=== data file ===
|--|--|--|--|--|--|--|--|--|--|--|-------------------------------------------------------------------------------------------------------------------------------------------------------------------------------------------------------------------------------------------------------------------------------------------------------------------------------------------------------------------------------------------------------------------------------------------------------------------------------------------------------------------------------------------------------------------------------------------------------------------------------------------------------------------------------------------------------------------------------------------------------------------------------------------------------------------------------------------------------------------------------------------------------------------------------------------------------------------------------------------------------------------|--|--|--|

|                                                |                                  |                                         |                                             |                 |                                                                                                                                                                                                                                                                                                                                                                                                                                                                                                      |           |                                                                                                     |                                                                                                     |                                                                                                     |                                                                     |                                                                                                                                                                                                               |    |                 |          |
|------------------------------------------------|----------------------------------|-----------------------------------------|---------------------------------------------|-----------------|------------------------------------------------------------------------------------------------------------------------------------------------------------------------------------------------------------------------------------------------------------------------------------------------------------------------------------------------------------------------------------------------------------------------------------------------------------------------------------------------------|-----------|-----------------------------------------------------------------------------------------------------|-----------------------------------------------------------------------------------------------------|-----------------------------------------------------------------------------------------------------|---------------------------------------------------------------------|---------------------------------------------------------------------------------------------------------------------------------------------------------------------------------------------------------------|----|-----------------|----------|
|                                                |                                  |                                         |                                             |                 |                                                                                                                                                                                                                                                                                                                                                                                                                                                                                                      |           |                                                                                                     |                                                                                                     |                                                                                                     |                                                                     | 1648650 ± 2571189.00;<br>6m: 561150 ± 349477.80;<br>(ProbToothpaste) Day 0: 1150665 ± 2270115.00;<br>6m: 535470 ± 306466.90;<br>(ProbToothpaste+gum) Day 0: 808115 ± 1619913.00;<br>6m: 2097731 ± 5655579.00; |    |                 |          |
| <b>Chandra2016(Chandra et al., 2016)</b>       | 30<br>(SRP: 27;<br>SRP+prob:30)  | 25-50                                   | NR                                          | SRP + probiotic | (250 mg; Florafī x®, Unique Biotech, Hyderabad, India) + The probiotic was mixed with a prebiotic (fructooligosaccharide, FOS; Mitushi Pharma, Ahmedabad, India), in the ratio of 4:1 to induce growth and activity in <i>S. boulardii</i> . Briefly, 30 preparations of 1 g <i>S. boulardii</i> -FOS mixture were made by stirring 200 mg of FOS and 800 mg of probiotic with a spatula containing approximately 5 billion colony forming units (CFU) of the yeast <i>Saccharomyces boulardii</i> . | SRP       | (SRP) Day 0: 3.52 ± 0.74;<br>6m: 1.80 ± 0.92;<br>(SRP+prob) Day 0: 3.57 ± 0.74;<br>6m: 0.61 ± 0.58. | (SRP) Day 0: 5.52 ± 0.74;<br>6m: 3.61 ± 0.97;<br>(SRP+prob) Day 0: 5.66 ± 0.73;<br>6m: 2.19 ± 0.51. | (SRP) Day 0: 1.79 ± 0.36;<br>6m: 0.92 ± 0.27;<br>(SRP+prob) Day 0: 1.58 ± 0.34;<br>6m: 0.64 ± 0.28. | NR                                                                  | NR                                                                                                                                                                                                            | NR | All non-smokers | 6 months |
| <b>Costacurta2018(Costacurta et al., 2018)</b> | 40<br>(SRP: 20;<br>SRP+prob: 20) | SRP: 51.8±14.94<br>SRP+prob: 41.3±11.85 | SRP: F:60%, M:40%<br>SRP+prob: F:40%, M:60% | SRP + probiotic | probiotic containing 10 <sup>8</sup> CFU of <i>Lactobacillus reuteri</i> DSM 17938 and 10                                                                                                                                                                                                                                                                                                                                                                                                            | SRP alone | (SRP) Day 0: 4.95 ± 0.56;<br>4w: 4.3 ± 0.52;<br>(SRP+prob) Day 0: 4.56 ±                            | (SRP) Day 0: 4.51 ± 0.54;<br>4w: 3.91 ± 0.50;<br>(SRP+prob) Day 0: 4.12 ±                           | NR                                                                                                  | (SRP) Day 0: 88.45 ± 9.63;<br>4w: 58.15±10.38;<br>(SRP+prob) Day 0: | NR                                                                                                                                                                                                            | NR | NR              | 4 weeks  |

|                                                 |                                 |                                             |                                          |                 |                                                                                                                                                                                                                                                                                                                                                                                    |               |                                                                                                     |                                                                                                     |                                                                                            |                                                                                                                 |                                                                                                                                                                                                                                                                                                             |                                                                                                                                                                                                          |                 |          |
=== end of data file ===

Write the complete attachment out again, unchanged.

|--|--|--|--|--|--|--|--|--|--|--|-------------------------------------------------------------------------------------------------------------------------------------------------------------------------------------------------------------------------------------------------------------------------------------------------------------------------------------------------------------------------------------------------------------------------------------------------------------------------------------------------------------------------------------------------------------------------------------------------------------------------------------------------------------------------------------------------------------------------------------------------------------------------------------------------------------------------------------------------------------------------------------------------------------------------------------------------------------------------------------------------------------------|--|--|--|

|                                                |                                  |                                         |                                             |                 |                                                                                                                                                                                                                                                                                                                                                                                                                                                                                                      |           |                                                                                                     |                                                                                                     |                                                                                                     |                                                                     |                                                                                                                                                                                                               |    |                 |          |
|------------------------------------------------|----------------------------------|-----------------------------------------|---------------------------------------------|-----------------|------------------------------------------------------------------------------------------------------------------------------------------------------------------------------------------------------------------------------------------------------------------------------------------------------------------------------------------------------------------------------------------------------------------------------------------------------------------------------------------------------|-----------|-----------------------------------------------------------------------------------------------------|-----------------------------------------------------------------------------------------------------|-----------------------------------------------------------------------------------------------------|---------------------------------------------------------------------|---------------------------------------------------------------------------------------------------------------------------------------------------------------------------------------------------------------|----|-----------------|----------|
|                                                |                                  |                                         |                                             |                 |                                                                                                                                                                                                                                                                                                                                                                                                                                                                                                      |           |                                                                                                     |                                                                                                     |                                                                                                     |                                                                     | 1648650 ± 2571189.00;<br>6m: 561150 ± 349477.80;<br>(ProbToothpaste) Day 0: 1150665 ± 2270115.00;<br>6m: 535470 ± 306466.90;<br>(ProbToothpaste+gum) Day 0: 808115 ± 1619913.00;<br>6m: 2097731 ± 5655579.00; |    |                 |          |
| <b>Chandra2016(Chandra et al., 2016)</b>       | 30<br>(SRP: 27;<br>SRP+prob:30)  | 25-50                                   | NR                                          | SRP + probiotic | (250 mg; Florafī x®, Unique Biotech, Hyderabad, India) + The probiotic was mixed with a prebiotic (fructooligosaccharide, FOS; Mitushi Pharma, Ahmedabad, India), in the ratio of 4:1 to induce growth and activity in <i>S. boulardii</i> . Briefly, 30 preparations of 1 g <i>S. boulardii</i> -FOS mixture were made by stirring 200 mg of FOS and 800 mg of probiotic with a spatula containing approximately 5 billion colony forming units (CFU) of the yeast <i>Saccharomyces boulardii</i> . | SRP       | (SRP) Day 0: 3.52 ± 0.74;<br>6m: 1.80 ± 0.92;<br>(SRP+prob) Day 0: 3.57 ± 0.74;<br>6m: 0.61 ± 0.58. | (SRP) Day 0: 5.52 ± 0.74;<br>6m: 3.61 ± 0.97;<br>(SRP+prob) Day 0: 5.66 ± 0.73;<br>6m: 2.19 ± 0.51. | (SRP) Day 0: 1.79 ± 0.36;<br>6m: 0.92 ± 0.27;<br>(SRP+prob) Day 0: 1.58 ± 0.34;<br>6m: 0.64 ± 0.28. | NR                                                                  | NR                                                                                                                                                                                                            | NR | All non-smokers | 6 months |
| <b>Costacurta2018(Costacurta et al., 2018)</b> | 40<br>(SRP: 20;<br>SRP+prob: 20) | SRP: 51.8±14.94<br>SRP+prob: 41.3±11.85 | SRP: F:60%, M:40%<br>SRP+prob: F:40%, M:60% | SRP + probiotic | probiotic containing 10 <sup>8</sup> CFU of <i>Lactobacillus reuteri</i> DSM 17938 and 10                                                                                                                                                                                                                                                                                                                                                                                                            | SRP alone | (SRP) Day 0: 4.95 ± 0.56;<br>4w: 4.3 ± 0.52;<br>(SRP+prob) Day 0: 4.56 ±                            | (SRP) Day 0: 4.51 ± 0.54;<br>4w: 3.91 ± 0.50;<br>(SRP+prob) Day 0: 4.12 ±                           | NR                                                                                                  | (SRP) Day 0: 88.45 ± 9.63;<br>4w: 58.15±10.38;<br>(SRP+prob) Day 0: | NR                                                                                                                                                                                                            | NR | NR              | 4 weeks  |

|                                                 |                                 |                                             |                                          |                 |                                                                                                                                                                                                                                                                                                                                                                                    |               |                                                                                                     |                                                                                                     |                                                                                            |                                                                                                                 |                                                                                                                                                                                                                                                                                                             |                                                                                                                                                                                                          |                 |          |